– Cleveland, Ohio
Once upon a time, a BMW had something its competitors couldn’t match: a driving experience ten rungs above anything else you could buy. Those days are gone, though, as the brand’s competitors have consistently climbed those rungs while BMW has seemed to lose its grip.
This 340i sedan is a perfect example of a BMW that was untouchable ten years ago (remember the ZHP 330i?) and now has trouble separating itself from a pack of worthy competitors that, frankly, aren’t looking up the ladder at BMW anymore.
- Let’s start with the good stuff, and most of it can be found under the hood in the form of a turbocharged 3.0-liter inline-six-cylinder engine that makes 320 horsepower and 332 pound-feet of torque. No joke, some of the car mags have run this exact 340i to 60 miles per hour in under five seconds, which was supercar territory 20 years ago. But sucking you back into your seat isn’t why this engine landed in the Pro column. I liked it more for its smooth operation and burbling exhaust note than its power delivery, the full extent of which is buried in the Sport+ drive mode.
- The styling of the 3 Series doesn’t really move me one way or the other, but the addition of the Track Handling Package ($1,700) gives it just the right amount of menace. The 18-inch Orbit Grey wheels that hide a set of blue-painted M calipers are cues this ain’t no 320i.
- I’d take a set of these front seats in any car. They’re the perfect combination of control and comfort, with firm but forgiving lateral support that keeps you centered in the seat but doesn’t squeeze your sides.
- BMW should be praised for offering a six-speed manual transmission at all in this day and age, while at the same time having its wrist slapped for not making it better. The throws are long and the shifter’s got more play in its movement than I expected. It’s not awful, but again, past BMWs have set high bars for manual transmissions, and this one feels a grade or two below what the car deserves. I would’ve preferred the eight-speed automatic.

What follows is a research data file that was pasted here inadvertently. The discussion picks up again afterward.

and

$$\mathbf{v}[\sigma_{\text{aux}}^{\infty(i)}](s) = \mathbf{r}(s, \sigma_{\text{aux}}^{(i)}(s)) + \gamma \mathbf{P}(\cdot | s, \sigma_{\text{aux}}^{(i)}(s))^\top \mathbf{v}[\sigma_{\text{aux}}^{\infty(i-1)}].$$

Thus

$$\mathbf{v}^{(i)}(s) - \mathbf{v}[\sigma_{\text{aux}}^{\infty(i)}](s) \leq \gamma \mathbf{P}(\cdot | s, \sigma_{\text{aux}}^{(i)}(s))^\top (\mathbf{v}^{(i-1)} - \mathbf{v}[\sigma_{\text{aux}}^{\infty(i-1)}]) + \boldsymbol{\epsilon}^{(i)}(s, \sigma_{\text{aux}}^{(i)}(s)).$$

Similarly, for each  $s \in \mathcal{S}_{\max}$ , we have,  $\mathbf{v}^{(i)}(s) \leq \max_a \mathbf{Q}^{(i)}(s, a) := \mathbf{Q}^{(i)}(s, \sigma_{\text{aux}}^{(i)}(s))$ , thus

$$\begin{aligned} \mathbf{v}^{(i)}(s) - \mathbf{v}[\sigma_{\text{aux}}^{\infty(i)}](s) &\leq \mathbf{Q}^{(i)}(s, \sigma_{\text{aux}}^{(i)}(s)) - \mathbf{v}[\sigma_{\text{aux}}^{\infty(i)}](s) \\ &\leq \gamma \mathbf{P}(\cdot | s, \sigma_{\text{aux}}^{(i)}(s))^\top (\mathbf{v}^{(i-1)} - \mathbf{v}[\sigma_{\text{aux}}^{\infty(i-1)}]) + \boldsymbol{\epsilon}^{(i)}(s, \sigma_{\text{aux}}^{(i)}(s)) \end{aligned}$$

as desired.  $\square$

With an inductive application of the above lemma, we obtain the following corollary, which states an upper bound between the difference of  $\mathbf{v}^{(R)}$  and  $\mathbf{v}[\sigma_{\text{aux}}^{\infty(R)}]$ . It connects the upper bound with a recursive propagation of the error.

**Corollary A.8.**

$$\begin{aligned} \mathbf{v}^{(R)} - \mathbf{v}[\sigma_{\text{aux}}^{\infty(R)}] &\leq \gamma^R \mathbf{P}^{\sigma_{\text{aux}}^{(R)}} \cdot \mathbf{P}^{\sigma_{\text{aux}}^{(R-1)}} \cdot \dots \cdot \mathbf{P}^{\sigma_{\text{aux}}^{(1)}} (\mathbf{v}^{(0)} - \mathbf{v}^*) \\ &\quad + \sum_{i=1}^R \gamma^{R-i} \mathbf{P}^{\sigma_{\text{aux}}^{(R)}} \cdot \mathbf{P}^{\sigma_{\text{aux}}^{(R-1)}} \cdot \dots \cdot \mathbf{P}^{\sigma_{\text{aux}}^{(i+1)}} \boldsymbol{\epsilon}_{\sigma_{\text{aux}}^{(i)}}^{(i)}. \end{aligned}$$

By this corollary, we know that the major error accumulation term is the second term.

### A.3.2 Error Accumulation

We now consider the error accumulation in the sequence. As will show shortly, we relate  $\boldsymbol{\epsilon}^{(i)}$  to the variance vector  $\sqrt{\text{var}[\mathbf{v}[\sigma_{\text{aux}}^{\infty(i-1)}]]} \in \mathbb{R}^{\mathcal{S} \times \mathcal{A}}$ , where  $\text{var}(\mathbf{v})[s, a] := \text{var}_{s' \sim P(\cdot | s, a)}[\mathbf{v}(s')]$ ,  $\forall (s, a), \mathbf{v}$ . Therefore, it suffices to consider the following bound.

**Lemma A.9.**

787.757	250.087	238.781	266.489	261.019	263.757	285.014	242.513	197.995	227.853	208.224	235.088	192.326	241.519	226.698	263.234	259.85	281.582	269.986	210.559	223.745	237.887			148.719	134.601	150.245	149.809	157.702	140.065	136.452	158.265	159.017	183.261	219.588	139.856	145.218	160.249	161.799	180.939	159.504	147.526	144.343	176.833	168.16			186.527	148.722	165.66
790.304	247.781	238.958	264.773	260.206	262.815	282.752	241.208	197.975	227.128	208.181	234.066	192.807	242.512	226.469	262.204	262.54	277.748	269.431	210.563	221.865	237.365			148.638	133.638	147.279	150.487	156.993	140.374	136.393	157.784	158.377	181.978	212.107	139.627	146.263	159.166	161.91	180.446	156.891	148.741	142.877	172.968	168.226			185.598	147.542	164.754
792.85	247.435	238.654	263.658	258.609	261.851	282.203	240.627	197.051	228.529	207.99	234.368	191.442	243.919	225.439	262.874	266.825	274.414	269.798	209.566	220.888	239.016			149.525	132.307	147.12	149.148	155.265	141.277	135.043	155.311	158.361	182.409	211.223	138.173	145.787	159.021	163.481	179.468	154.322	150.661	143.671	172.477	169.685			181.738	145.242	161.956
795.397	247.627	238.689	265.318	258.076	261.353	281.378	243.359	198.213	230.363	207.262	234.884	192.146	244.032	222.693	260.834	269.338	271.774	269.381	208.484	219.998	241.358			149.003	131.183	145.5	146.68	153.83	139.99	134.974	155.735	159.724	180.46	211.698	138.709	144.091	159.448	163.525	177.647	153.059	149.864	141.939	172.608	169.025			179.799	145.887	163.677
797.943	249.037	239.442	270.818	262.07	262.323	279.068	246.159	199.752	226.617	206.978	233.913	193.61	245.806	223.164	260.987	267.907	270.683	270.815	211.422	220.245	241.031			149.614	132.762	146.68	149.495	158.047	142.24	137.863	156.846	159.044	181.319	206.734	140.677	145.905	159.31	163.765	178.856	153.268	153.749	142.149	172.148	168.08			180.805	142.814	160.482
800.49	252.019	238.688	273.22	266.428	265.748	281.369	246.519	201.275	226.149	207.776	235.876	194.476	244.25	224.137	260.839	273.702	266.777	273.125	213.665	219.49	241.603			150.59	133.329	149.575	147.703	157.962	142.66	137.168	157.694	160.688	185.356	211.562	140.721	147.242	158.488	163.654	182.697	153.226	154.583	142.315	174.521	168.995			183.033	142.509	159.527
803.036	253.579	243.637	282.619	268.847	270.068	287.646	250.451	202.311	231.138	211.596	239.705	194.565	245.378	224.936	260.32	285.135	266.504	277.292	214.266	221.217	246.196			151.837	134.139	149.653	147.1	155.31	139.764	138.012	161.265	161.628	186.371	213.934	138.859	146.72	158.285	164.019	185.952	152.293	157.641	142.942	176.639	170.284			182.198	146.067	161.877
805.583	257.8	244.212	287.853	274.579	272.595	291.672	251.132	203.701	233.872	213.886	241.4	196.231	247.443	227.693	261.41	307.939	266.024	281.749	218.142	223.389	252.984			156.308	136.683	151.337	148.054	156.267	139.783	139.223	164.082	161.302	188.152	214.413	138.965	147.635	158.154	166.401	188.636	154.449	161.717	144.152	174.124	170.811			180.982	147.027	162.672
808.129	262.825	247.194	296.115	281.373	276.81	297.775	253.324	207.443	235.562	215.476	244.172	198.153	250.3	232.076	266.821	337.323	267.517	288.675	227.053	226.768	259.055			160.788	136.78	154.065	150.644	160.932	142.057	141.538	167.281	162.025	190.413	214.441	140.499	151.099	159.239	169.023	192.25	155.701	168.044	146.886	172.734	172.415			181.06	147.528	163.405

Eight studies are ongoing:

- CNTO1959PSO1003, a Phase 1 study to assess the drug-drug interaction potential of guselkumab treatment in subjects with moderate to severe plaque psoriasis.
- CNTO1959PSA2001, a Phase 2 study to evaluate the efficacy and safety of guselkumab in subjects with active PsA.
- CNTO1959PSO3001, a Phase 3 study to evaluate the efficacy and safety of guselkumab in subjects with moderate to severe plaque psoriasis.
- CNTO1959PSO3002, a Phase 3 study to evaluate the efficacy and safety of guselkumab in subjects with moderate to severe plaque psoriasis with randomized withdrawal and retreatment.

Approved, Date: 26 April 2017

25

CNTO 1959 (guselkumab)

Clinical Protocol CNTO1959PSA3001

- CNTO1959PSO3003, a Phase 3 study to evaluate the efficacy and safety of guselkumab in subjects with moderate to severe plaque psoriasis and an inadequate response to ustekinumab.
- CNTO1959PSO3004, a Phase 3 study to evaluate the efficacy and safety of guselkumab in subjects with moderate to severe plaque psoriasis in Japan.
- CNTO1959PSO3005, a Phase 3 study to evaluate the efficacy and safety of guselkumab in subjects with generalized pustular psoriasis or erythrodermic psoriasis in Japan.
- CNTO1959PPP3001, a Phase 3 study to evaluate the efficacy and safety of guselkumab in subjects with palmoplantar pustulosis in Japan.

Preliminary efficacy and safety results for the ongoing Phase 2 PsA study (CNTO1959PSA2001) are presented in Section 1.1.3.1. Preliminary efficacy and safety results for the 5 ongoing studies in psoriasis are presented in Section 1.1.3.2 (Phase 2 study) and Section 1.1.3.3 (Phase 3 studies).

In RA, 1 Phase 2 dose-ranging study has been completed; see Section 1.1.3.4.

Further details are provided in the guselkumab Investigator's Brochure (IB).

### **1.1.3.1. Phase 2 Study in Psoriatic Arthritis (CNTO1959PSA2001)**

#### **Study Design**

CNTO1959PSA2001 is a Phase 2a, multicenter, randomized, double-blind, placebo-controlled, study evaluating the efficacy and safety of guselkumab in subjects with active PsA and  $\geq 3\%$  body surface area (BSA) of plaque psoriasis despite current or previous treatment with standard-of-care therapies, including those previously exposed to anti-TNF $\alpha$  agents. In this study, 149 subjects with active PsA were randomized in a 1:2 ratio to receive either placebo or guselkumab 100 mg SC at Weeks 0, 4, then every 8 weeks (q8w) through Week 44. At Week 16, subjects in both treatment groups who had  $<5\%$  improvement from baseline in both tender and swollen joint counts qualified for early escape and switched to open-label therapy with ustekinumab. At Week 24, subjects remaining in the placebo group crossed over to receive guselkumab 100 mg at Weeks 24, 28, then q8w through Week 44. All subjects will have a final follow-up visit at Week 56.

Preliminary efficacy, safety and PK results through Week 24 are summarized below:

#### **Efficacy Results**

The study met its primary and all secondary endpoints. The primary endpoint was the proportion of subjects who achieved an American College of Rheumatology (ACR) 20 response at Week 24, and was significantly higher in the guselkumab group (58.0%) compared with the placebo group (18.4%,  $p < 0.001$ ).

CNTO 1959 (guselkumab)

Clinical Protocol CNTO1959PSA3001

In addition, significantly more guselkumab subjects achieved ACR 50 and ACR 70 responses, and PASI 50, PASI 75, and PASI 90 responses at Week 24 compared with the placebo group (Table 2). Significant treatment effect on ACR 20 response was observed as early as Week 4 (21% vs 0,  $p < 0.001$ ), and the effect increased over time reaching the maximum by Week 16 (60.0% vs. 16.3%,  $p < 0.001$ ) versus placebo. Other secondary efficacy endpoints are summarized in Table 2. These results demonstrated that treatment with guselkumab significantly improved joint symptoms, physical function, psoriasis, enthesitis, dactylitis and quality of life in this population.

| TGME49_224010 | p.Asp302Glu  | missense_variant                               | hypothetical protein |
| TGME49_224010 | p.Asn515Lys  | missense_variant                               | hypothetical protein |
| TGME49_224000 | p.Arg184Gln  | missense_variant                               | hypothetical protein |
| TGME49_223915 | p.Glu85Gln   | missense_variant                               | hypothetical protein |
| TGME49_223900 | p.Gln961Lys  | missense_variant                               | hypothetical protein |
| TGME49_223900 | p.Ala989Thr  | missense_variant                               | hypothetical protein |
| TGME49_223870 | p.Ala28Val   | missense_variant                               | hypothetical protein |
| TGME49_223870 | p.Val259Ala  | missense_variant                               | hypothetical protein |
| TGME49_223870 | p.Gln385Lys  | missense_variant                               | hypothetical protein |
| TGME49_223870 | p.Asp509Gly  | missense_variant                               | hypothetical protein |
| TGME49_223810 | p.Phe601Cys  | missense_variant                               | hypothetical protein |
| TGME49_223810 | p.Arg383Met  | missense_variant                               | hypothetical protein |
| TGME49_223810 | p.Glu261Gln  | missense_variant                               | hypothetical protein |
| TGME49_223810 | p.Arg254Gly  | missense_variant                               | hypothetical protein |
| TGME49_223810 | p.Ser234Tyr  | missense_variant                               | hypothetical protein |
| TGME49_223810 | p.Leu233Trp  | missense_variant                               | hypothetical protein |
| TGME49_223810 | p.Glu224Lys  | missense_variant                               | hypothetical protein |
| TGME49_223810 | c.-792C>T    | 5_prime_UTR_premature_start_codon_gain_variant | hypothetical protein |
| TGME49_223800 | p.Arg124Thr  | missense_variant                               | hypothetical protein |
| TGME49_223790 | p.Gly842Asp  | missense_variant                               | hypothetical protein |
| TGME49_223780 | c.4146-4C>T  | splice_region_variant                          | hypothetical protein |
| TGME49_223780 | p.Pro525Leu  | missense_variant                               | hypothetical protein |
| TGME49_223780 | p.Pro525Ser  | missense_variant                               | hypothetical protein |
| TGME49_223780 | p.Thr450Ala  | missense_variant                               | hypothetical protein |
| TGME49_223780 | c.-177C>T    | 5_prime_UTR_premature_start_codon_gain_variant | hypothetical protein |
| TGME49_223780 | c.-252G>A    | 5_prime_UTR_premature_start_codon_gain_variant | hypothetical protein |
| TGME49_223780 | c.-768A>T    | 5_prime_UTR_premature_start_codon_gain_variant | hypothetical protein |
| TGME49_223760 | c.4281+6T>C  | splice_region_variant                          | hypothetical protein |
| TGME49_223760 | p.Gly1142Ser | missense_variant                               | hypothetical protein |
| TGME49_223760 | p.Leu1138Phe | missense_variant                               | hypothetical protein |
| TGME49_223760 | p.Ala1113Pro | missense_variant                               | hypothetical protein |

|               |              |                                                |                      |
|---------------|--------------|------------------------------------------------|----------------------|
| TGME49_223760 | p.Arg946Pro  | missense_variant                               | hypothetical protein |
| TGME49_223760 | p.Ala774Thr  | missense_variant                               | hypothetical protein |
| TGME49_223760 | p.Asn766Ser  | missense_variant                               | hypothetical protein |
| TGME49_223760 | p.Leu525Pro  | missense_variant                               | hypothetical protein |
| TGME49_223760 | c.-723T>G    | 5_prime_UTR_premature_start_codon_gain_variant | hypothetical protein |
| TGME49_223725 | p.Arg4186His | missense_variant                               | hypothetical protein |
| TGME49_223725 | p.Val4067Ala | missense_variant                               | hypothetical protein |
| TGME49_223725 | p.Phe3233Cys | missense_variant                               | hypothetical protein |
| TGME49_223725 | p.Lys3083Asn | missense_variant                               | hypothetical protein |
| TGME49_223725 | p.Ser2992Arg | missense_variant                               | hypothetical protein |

- The root problem with modern day BMWs not having the same driving experience as those older, revered Roundels is their steering. The 340i exhibits the same artificiality I’ve felt in most modern BMWs with surprisingly little communication through the wheel and a slight deadness on center. Switching among the four driving modes (Eco Pro, Comfort, Sport, and the aforementioned Sport+) does change the steering wheel’s weightiness, but not in a way that communicates more from the road; it just gets harder to turn.
- This 340i tops out at nearly $60,000 thanks to lots of options that get added to the $45,800 base price. For that money I expect the latest and greatest, but BMW is a few steps behind in this regard. Despite paying $2,650 extra for advanced safety packages, there’s no autonomous braking or radar-based cruise control and a backup camera isn’t even standard. The gauges are also analog, which would give me digital display envy next to my friends in their Audis with Virtual Cockpit. You don’t even get Apple CarPlay or Android Auto!
Photos: John Neff / Motor1.com
Gallery: 2016 BMW 340i: Review
BMW 3 Series